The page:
What is a person? How should we think of our death? Is there really such a thing as the “self”? How do we — and how should we — experience life in and through time? The Subject of Experience explores the self and the person in a series of essays that draw on literature, psychology and philosophy.
The Atlas of Reality examines a full range of topics, concepts and guiding principles in metaphysics. This accessible, comprehensive guide explores concepts including space, time, powers, universals and composition, carefully tracking the use of common assumptions and methodological principles.
Unferth has published startlingly askew and wickedly comic fiction in magazines such as Granta, Harper’s Magazine, McSweeney’s, NOON and The Paris Review. Her new book, Wait Till You See Me Dance, is a long-awaited first collection of her short fiction.
Different Latitudes: My Life in the Peace Corps and Beyond
Peace Corps Writers, April 2017
By Mark D. Walker, Million Mile Walker LLC
Institute of Latin American Studies alumnus (1977)
In this memoir, Walker recounts how his years as a Peace Corps volunteer in Central America and the Caribbean launched a career dedicated to service and, eventually, global philanthropy. His training in Latin American studies led to thirteen years of rural development work, some of it in war-torn Guatemala, and a life that has straddled cultures and borders.
Following the overthrow of Cuban dictator Fulgencio Batista, the rebel comandante Fidel Castro told a jubilant crowd that this time “the real Revolution” had arrived. This capacious history of the Cuban Revolution shows that Castro’s words proved prophetic not only for his countrymen, but for Latin America and the wider world.
This book examines how writers from colonial Taiwan creatively and selectively employed loyalist ideals to cope with Japanese colonialism and in the process redefined their relationship with China and Chinese culture. The author argues that the changing tradition of loyalism complicates Taiwan’s ties to China.
Theorizing Race in the Americas: Douglass, Sarmiento, Du Bois, and Vasconcelos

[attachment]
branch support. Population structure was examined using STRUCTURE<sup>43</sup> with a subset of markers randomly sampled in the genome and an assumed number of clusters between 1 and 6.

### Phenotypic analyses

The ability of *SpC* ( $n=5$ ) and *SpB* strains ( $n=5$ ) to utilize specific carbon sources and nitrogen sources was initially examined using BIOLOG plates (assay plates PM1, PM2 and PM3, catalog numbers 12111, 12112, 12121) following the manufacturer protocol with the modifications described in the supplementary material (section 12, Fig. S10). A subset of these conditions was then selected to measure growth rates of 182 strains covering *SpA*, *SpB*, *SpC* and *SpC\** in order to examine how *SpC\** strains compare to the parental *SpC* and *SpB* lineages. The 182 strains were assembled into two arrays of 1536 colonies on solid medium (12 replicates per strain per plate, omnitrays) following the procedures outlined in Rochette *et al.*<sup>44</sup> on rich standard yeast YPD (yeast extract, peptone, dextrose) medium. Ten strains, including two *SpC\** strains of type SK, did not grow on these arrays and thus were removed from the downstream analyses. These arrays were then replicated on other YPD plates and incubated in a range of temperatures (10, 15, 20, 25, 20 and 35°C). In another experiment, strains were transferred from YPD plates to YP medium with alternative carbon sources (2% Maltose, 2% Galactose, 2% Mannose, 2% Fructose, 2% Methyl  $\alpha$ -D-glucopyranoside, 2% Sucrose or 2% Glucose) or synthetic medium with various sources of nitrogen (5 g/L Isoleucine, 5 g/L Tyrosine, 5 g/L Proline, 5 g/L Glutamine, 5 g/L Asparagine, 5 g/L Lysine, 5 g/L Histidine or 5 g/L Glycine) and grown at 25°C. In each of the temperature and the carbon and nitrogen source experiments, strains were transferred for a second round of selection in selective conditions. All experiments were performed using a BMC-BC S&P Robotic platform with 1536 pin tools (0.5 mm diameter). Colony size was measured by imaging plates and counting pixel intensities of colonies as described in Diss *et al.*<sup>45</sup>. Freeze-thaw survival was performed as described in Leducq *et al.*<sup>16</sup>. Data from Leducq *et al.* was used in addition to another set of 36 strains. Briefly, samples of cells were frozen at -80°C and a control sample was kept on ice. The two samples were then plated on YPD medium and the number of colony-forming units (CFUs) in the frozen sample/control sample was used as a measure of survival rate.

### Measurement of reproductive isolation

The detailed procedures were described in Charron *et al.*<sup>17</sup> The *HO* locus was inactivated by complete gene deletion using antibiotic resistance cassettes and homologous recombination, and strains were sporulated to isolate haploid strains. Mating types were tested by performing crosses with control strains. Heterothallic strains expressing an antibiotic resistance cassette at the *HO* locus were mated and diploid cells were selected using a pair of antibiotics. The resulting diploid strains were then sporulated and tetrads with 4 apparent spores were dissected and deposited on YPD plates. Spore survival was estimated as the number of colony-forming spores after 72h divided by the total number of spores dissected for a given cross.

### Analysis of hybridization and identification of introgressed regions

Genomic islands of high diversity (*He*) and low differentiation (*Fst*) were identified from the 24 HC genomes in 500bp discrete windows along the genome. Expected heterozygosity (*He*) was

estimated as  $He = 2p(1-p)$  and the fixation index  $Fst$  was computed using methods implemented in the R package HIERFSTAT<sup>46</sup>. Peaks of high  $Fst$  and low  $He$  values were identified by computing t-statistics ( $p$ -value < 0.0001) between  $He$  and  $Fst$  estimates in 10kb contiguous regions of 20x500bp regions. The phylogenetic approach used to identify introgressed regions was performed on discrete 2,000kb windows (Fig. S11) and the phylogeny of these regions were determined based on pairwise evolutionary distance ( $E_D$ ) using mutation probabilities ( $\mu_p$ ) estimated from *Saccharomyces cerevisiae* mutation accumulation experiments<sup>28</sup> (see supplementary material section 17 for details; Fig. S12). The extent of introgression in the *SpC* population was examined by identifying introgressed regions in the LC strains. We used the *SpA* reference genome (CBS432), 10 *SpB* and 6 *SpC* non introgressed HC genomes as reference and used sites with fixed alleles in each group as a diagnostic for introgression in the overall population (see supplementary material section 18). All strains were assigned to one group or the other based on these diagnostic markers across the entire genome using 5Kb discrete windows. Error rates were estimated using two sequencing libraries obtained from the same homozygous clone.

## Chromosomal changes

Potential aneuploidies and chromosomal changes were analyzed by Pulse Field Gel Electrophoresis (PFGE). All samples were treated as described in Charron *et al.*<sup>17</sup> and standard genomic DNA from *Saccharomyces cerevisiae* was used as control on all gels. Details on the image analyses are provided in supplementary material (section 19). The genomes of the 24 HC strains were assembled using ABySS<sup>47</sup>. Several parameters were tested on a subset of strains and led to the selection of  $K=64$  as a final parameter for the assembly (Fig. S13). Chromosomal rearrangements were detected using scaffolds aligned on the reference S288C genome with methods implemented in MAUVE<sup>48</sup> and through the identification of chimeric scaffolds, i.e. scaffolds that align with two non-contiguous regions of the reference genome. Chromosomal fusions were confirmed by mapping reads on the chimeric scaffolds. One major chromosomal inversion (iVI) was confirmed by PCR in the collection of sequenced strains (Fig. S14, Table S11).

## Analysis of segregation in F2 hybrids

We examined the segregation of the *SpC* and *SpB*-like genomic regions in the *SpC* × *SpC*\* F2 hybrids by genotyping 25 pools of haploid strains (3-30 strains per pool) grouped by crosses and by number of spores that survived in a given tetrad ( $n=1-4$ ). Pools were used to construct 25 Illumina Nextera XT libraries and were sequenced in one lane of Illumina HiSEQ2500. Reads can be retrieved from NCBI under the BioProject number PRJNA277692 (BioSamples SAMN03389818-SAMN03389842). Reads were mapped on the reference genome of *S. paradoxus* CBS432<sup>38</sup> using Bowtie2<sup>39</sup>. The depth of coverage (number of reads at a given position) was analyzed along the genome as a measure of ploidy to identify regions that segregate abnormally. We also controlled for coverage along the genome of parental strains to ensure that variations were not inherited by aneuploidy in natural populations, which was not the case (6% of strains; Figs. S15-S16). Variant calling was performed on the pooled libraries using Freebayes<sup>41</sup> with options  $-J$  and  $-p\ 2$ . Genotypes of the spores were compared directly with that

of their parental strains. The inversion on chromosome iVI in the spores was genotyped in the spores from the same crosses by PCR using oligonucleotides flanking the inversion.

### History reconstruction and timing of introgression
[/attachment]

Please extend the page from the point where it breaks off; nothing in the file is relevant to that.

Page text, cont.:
Oxford University Press, April 2017
By Juliet Hooker, associate professor, Departments of Government and African and African Diaspora Studies
Charting the intellectual genealogy of 19th– and 20th-century racial thought in the Americas, this book is the first to simultaneously analyze U.S. African American and Latin American political thinkers and their ideas about race. Through a hemispheric analysis it transforms understandings of prominent U.S. African American and Latin American intellectuals.
Crew explores changing German memories of World War II, analyzing narratives in the postwar period including the depiction of the bombing in German cities. The book reveals that the bombing war was in fact a central strand of German memory and identity that allowed Germans to see themselves as victims rather than perpetrators or accomplices.
Yoo addresses the relationship between Ezra, the Ezra Memoir and the Pentateuch, arguing that the Ezra Memoir is a coherent account of Ezra’s leadership of the Babylonian exiles and modeled on the multiple presentations of Moses and the Israelite wilderness preserved in the Pentateuch.
American Girls in Red Russia: Chasing the Soviet Dream
University of Chicago Press, May 2017
By Julia L. Mickenberg, associate professor of American Studies; interim chair, Department of Slavic and Eurasian Studies; and acting director, Center for Russian and Eastern European Studies
A century after the Bolshevik revolution “shook the world,” American Girls in Red Russia recovers a forgotten counterpoint to the well-worn story of a “lost” generation’s escape to Paris, exploring Soviet Russia’s significance for independent, liberated and socially conscious American “new women” in the first half of the 20th century.